Sports Medicine Research: In the Lab & In the Field: Is It Wise for Youth Athletes to Specialize? (Sports Med Res)


Monday, July 17, 2017

Is It Wise for Youth Athletes to Specialize?

Association of Competition Volume, Club Sports, and Sport Specialization With Sex and Lower Extremity Injury History in High School Athletes

Post EG, Bell DR, Trigsted SM, Pfaller AY3, Hetzel SJ, Brooks MA, McGuine TA. Sports Health. 2017; Ahead of Print

Take Home Message: An athlete who participates in more than 60 games per year, is a member of a club sport, or highly specialized is more likely to have a lower extremity injury. Additionally, girls are more likely to participate on a club team and be highly specialized potentially increasing their risk of injury.

High school athletes are increasingly participating in year-round school and club sport, which can increase competition volume throughout the year. This could increase the risk of injury. However, there are no studies examining whether females or males are more likely to compete in a club sport and if sport specialization increases risk of lower extremity injury. Therefore, the authors sought to evaluate the association between competition volumes, club sport participation, and sport specialization with sex and lower extremity injuries. For this study, 1,544 high school athletes (girls 51%) from 29 different Wisconsin high schools completed a paper-and-pencil questionnaire at the start of their competitive season (between 2015-2016 academic year) regarding their sport specialization, sport participation (primary sport, how many competitions did they participate in during the year) and history of previous injury (which was validated by athletic trainer’s records). The authors used a 3-point specialization scale (1=low specialization, 2=moderate specialization, 3=high specialization), which was based on year-round training in a single sport. The authors found that 20% of the athletes reported high volume of competition (more than 60 competitions), while 50% of the athletes reported low competition volume (less than 30 competitions). Additionally, 50% of athletes reported participating on both a club and school sport in the same sport. Club participation was greatest for soccer (22%), baseball/softball (19%), and volleyball (17%). Girls were more likely to compete in a higher competition volume and participate on a club sport compared with boys. Girls were also more likely to report previous lower extremity injury compared with boys when considering all sports and when restricted to sex-equivalent sports. Athletes with high or moderate competition volume were more likely to report previous lower extremity injury, even after accounting for sex. Similarly, athletes who were highly or moderately specialized had greater odds of reporting a previous lower extremity injury compared to low-specialization athletes.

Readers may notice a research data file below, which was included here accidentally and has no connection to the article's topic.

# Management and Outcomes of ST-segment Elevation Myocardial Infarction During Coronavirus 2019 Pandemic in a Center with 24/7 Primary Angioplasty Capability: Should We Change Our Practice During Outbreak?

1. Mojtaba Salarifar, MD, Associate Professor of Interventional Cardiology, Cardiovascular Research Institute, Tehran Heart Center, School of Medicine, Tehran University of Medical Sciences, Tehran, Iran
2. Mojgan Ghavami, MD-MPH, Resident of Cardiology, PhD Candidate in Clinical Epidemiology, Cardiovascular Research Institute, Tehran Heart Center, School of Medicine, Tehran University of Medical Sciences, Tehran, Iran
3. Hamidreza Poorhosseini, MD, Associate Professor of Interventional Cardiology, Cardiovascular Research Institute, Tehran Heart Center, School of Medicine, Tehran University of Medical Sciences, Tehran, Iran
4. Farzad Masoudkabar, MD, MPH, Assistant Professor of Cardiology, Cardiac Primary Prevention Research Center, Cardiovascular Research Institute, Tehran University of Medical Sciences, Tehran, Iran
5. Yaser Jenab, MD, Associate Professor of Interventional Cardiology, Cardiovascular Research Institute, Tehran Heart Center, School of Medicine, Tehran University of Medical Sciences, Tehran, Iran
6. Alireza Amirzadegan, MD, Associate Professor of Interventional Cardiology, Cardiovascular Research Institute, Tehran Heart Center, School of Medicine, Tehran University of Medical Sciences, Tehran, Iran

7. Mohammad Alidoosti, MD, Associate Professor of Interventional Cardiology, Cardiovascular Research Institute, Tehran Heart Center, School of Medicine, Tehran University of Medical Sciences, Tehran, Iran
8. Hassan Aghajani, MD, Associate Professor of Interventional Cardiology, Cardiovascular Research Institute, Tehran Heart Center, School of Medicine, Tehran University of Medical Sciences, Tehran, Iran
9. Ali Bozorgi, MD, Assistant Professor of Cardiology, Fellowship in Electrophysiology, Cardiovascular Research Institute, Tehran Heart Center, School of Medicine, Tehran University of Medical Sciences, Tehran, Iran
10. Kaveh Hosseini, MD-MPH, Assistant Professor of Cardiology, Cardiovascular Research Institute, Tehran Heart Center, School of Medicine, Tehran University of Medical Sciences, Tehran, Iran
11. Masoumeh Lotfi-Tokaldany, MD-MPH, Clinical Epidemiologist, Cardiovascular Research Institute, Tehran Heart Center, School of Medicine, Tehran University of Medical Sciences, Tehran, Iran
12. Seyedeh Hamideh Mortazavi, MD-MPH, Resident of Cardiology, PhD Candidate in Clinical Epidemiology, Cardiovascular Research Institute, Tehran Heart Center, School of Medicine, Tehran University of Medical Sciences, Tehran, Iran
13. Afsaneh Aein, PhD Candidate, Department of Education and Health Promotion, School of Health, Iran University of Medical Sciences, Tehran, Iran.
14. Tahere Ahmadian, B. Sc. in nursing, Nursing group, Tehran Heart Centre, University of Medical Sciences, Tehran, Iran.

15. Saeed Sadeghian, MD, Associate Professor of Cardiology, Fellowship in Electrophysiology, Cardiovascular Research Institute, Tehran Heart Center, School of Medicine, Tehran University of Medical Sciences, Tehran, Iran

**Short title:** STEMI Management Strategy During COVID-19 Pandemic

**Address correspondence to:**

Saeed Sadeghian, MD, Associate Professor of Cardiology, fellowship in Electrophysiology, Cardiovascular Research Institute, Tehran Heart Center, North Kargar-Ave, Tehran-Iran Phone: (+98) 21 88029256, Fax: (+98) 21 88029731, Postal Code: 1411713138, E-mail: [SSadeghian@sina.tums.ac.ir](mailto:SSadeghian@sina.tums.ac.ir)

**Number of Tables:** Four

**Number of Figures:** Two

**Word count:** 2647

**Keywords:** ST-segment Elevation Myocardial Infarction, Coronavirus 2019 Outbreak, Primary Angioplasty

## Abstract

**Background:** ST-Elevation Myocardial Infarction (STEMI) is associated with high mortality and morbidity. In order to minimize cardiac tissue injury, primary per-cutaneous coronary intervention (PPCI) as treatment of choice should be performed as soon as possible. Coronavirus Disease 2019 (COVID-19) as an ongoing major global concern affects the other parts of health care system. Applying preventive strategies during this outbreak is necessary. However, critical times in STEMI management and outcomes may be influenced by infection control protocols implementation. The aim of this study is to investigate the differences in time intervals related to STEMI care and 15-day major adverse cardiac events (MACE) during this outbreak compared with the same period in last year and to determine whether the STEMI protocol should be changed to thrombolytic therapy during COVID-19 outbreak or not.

There is an increasing pattern of participating year-round in sports; however, this may not be the best for young athletes. The authors found that participating in many competitions (high sport volume) and being highly specialized is related with a history of lower extremity injury. Girls were also more likely to participate in high volumes and be a member of both school and club teams, which exposes them to a higher risk of lower extremity injury compared with boys. It should be noted that the authors did not compare athletes who competed in the same sport all year to athletes who competed in different sports all year. Hence, it is difficult to determine from this study if specialization is bad or if simply participating in more practices and games just leads to more injury. Regardless, these year-round athletes may benefit from injury prevention programs that decrease the risk of injury. Unfortunately, many teams are not performing these simple programs. It would be interesting to see if highly specialized athletes that perform preventive programs sustain fewer injuries than highly specialized athletes that do not preform preventative programs. Medical professionals should be aware and educate youth athletes, parents, and coaches of the potential risks associated with year-round participation in organized sport and take steps to reduce the risk of injury (for example, implement injury prevention programs).

Question for Discussion: Do you notice a trend that the more specialized an athlete the more injuries they sustain? Do you think placing preventive injury programs would help decrease risk of injury in these year-round athletes? 

Written by: Jane McDevitt, PhD
Reviewed by: Jeff Driban

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